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By now, many of you have heard the statistic that the fear of public speaking ranks right up there with the fear of death. For many teachers, speaking in front of students may not illicit that gut wrenching fear, but as soon as an administrator walks in the door, it’s a whole different story. Today I’d like to share 3 easy tips to help calm your nerves before and during an observation.
Being prepared for an observation is one of the best ways to ward off nerves. If you have a solid game plan, you’ll feel less nervous about what might happen.
You can even write out your schedule of events on the board. It might look something like this.
Today we will…
Besides helping your students foreshadow what will happen during class, this technique will make sure you don’t forget anything and help keep you on task.
If you have more of a “pop-in” style of observation and only know a vague time frame of when your administrator is coming to observe, you can prepare in other ways. Within that time frame choose lessons you have taught before, keep your room extra picked up, and watch the clock extra carefully so that you’re not caught rushing at clean-up time.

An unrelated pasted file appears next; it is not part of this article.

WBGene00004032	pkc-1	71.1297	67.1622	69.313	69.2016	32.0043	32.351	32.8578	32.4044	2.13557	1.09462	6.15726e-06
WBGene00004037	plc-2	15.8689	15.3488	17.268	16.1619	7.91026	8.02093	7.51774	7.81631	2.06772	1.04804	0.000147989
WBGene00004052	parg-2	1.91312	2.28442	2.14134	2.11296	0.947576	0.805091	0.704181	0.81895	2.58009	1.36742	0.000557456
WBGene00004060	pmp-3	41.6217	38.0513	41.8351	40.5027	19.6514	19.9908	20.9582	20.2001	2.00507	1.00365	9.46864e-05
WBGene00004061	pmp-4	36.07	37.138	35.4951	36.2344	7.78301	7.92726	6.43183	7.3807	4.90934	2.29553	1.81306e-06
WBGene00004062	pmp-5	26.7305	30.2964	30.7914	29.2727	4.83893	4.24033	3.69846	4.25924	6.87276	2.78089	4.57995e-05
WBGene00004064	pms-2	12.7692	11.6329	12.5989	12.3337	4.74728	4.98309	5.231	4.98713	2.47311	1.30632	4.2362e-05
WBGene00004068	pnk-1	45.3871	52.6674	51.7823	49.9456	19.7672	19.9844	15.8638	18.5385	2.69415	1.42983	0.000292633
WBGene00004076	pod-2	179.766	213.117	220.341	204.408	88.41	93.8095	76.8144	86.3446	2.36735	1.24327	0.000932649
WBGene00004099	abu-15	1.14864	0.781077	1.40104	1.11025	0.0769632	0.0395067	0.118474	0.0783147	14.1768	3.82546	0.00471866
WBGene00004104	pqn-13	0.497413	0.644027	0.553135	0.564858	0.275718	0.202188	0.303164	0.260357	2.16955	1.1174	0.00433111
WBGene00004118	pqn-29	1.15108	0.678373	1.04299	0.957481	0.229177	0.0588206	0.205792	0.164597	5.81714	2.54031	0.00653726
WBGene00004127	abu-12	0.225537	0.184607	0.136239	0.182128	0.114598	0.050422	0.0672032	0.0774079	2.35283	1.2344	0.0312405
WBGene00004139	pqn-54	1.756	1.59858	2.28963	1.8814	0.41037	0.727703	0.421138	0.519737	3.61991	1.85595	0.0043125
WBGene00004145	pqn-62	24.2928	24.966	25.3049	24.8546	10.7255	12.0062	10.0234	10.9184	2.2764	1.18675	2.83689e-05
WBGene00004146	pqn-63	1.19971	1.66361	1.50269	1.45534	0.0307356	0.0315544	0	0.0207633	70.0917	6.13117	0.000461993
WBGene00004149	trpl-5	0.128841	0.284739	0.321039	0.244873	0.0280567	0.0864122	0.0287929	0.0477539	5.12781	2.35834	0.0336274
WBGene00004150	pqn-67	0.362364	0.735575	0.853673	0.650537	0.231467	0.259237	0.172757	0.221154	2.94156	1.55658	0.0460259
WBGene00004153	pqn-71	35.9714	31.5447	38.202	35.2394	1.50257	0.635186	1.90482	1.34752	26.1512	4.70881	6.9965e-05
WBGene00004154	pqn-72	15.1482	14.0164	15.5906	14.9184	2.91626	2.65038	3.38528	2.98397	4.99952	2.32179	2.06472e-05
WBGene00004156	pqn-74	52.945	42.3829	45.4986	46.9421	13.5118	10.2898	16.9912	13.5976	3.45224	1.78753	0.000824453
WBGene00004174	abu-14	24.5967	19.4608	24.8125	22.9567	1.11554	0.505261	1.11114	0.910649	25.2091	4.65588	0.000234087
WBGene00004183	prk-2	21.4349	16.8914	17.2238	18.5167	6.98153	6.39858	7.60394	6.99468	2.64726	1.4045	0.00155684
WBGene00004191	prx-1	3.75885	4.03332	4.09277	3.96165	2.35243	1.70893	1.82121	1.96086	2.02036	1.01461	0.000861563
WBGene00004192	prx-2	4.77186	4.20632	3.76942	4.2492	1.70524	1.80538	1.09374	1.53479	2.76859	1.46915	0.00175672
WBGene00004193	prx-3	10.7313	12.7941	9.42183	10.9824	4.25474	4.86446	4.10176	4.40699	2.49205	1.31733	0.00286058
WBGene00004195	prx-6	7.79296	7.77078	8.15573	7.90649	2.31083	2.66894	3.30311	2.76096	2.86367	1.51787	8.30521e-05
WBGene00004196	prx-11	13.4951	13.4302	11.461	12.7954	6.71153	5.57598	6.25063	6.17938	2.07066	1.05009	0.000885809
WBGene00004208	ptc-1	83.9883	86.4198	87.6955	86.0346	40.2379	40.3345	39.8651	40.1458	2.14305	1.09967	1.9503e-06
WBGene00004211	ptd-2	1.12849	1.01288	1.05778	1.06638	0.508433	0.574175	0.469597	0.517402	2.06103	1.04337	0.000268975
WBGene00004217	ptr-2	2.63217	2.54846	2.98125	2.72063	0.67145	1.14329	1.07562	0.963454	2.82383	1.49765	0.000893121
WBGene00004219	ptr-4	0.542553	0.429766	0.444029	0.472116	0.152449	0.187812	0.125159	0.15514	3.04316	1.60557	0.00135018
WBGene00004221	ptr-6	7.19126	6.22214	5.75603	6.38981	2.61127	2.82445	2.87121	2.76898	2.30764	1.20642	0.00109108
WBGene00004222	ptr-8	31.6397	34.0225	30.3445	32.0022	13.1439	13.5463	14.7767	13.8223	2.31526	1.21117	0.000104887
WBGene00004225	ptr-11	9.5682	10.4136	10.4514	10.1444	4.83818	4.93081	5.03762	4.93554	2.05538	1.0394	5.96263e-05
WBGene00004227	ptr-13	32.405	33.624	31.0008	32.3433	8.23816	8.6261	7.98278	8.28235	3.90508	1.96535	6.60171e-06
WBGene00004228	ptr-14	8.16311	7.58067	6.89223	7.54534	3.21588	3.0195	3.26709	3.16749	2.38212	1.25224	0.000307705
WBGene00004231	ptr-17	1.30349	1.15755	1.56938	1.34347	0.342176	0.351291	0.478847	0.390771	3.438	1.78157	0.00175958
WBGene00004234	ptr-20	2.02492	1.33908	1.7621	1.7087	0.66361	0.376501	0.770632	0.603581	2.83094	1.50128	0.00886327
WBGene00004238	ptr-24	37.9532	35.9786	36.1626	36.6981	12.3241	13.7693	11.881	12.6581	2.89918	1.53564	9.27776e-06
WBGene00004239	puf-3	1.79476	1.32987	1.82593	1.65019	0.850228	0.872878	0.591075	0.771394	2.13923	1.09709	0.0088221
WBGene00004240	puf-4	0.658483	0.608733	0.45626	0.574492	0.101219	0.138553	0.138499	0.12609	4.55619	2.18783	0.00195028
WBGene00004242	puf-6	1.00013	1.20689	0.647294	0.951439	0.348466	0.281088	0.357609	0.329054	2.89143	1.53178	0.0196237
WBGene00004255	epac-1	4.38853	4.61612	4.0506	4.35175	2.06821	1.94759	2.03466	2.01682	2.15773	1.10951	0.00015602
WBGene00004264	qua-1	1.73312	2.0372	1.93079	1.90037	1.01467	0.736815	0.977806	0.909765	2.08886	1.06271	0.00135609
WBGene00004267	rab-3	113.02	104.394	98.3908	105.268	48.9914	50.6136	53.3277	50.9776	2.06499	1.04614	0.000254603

I don’t know about you, but whenever I know I have an observation scheduled it seems like my lungs only work at half capacity.
Breathing is one of the best ways to stay calm. Focusing on the breath can help keep anxiety levels low, making you less likely to stumble over words or leave out an important concept. If a student is misbehaving during an observation, take a deep breath before addressing the issue. I guarantee you’ll look (and be) more in control.
Sometimes I think teachers get too intimidated by the word “administrator.” We have to remember that many of our administrators were teachers or had different roles in the school before they became “the boss.” These are people above us, yes, but they are still people. Just like us they have good days and bad days, and just like us, unexpected things happen to them too. Keeping this perspective will hopefully help you realize that your administrator is probably more understanding than you think.
So tell us, do observations make you nervous? How do you handle the pressure?
We’d love to hear your tips in the comment section.
Magazine articles and podcasts are opinions of professional education contributors and do not necessarily represent the position of the Art of Education University (AOEU) or its academic offerings. Contributors use terms in the way they are most often talked about in the scope of their educational experiences.